There is a lot of grey area when it comes to brand social media activity and business liability, especially where employees are involved. Not only are there concerns about what puts your company at risk for legal action, there are all sorts of human resource concerns that can come when there is no solid plan in place. The recent firing (and rehiring) of a Disney resort employee who tweeted an image of a staffroom sign in light of the June 2016 gator attack is a perfect example.
It’s better to avoid that grey area altogether. Instead, ensure that your entire hierarchy understands how to hedge your business’ risk from the social media activity of staff. This comes down to creating a strict and clear policy regarding social media management for your brand. Let’s take a look at how to accomplish this.
How to Protect Your Brand and Business from Liability on Social Media
1. Set a Clear Mandate that Includes Accountability
Your social media policy must be clear and note all human resource accountabilities.
When it comes to content, the policy must dictate that staff is not allowed to respond to customer complaints or address corporate controversies on social media without being vetted by top management. As a supplement to management vetting, communication templates must be created so that staff can reply to brand-specific comments and queries that are consistently found on social media. The policy must demand that staff avoid commentary on any current affair that is deemed to be anything but positive. It must avoid conversation around religion or politics unless your company is invested in them, and even then, tread lightly. The policy must state that staff may not express personal opinions when posting from the brand profile. When your mandate allows for employee social media advocacy (which can be a successful social media growth strategy) you must also ensure that when an employee references your brand (their employer) that they do so within a set of guidelines.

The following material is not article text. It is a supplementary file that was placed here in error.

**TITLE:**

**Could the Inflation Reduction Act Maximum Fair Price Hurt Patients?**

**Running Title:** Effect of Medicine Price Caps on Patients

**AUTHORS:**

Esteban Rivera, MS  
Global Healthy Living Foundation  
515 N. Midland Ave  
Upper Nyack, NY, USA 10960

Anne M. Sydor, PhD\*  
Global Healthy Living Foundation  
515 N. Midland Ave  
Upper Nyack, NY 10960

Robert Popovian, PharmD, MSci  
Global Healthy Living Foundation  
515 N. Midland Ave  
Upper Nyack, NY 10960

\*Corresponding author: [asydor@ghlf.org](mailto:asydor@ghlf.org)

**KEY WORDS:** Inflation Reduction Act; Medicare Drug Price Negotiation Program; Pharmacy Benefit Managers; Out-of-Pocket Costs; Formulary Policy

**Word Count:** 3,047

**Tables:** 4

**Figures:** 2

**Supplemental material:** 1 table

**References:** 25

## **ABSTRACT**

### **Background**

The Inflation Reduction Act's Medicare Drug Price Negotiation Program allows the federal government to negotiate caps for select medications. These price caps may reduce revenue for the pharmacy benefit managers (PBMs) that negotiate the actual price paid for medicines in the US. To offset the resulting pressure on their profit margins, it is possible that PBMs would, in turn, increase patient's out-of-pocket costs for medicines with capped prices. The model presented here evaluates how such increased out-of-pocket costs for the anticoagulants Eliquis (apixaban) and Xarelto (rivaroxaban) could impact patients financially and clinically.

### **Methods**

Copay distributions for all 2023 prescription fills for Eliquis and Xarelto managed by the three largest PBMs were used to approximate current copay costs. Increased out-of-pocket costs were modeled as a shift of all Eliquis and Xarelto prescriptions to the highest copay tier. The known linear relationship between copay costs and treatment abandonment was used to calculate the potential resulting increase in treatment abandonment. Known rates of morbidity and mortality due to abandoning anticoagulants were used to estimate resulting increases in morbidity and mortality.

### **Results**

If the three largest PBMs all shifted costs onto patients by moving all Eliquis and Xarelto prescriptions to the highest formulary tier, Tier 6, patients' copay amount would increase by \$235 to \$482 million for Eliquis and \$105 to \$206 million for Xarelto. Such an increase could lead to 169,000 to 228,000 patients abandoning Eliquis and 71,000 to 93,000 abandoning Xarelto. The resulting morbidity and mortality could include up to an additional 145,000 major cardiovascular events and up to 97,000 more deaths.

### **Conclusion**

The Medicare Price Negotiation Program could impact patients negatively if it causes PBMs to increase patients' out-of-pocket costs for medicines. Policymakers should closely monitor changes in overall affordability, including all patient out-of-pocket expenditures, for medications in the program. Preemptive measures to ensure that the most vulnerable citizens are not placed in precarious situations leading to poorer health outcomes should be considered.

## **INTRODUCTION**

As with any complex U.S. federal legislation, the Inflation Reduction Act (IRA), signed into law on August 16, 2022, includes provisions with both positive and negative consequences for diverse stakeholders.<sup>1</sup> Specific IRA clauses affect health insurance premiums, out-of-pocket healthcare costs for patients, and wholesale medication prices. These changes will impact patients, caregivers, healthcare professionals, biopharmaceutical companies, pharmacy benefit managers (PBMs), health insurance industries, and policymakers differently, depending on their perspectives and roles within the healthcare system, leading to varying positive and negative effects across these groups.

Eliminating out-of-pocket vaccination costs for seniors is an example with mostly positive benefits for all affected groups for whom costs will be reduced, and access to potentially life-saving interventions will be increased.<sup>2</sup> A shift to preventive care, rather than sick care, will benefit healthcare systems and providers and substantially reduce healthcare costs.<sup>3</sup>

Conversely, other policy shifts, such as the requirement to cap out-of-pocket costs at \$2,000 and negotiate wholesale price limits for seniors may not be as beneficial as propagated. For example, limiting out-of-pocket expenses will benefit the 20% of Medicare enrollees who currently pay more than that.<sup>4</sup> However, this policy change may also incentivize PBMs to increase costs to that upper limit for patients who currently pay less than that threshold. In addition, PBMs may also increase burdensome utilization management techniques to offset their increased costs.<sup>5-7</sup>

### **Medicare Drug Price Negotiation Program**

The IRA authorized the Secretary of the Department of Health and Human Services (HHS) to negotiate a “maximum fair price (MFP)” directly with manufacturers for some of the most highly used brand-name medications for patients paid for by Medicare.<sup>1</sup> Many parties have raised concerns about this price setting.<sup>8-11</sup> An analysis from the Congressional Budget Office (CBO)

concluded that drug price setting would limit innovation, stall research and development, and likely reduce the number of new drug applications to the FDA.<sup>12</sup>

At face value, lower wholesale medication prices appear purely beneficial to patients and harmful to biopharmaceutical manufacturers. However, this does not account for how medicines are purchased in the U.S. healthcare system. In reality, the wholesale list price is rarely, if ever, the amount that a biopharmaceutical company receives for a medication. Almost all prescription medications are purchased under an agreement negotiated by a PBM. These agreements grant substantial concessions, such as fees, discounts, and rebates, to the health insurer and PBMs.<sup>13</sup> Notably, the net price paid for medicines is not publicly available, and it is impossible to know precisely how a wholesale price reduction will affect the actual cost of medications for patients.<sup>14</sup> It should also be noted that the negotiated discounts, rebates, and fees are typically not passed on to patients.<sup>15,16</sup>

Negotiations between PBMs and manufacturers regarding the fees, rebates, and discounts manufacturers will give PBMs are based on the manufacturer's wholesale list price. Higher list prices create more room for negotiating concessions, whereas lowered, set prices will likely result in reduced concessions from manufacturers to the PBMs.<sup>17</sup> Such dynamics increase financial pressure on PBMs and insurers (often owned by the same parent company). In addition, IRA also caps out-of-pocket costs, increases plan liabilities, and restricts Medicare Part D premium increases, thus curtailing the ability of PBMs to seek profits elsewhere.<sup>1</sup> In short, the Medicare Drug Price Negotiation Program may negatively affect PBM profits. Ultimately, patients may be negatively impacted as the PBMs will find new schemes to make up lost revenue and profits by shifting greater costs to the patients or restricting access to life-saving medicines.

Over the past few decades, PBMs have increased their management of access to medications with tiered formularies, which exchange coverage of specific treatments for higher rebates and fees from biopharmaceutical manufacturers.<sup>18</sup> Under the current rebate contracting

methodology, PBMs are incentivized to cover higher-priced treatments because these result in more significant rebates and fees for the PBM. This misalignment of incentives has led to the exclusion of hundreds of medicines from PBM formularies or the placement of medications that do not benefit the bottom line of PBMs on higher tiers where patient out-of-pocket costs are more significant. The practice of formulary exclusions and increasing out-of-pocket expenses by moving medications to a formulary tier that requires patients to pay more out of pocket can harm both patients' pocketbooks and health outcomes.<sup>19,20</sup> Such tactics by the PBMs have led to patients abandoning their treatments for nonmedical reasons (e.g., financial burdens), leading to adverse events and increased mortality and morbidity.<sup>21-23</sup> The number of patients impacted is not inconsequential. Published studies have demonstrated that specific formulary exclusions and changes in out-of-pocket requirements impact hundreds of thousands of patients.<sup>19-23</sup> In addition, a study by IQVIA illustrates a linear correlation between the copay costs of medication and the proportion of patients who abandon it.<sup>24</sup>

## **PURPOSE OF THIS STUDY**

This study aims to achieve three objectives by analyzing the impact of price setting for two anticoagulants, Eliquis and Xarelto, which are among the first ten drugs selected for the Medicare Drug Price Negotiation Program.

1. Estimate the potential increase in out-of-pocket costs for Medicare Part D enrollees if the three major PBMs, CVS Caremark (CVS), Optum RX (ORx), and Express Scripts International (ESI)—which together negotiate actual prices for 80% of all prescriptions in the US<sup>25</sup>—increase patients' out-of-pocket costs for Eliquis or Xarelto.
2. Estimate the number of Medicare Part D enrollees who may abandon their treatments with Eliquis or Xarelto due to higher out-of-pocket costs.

Accountabilities must also be made clear. Staff needs to understand the repercussions of violating anything detailed in the policy, including but not exclusive to everything addressed below. Keep reading.
2. Protect the Privacy of Your Followers
Make sure that everyone on your social media payroll (and/or internship program) understands that they must not share the information, including posts, about your following, when not permitted. This is also a grey area. For example, a customer may post a picture (on their profile) that shows them using your product/service. Sounds like a perfect opportunity to use it as a visual testimonial from a satisfied customer, right? However, if that person does not directly tag your business or @msg your brand profile in the process, they likely had no intent of having you share their post on your brand profile. When they do tag or @msg your business, they are indicating that they want you to take notice and they would likely be happy to have you share their post (as it increases exposure for their own profile). But even then, it makes sense to ask them if you can share the post first. If they don’t tag or @msg you, then don’t share.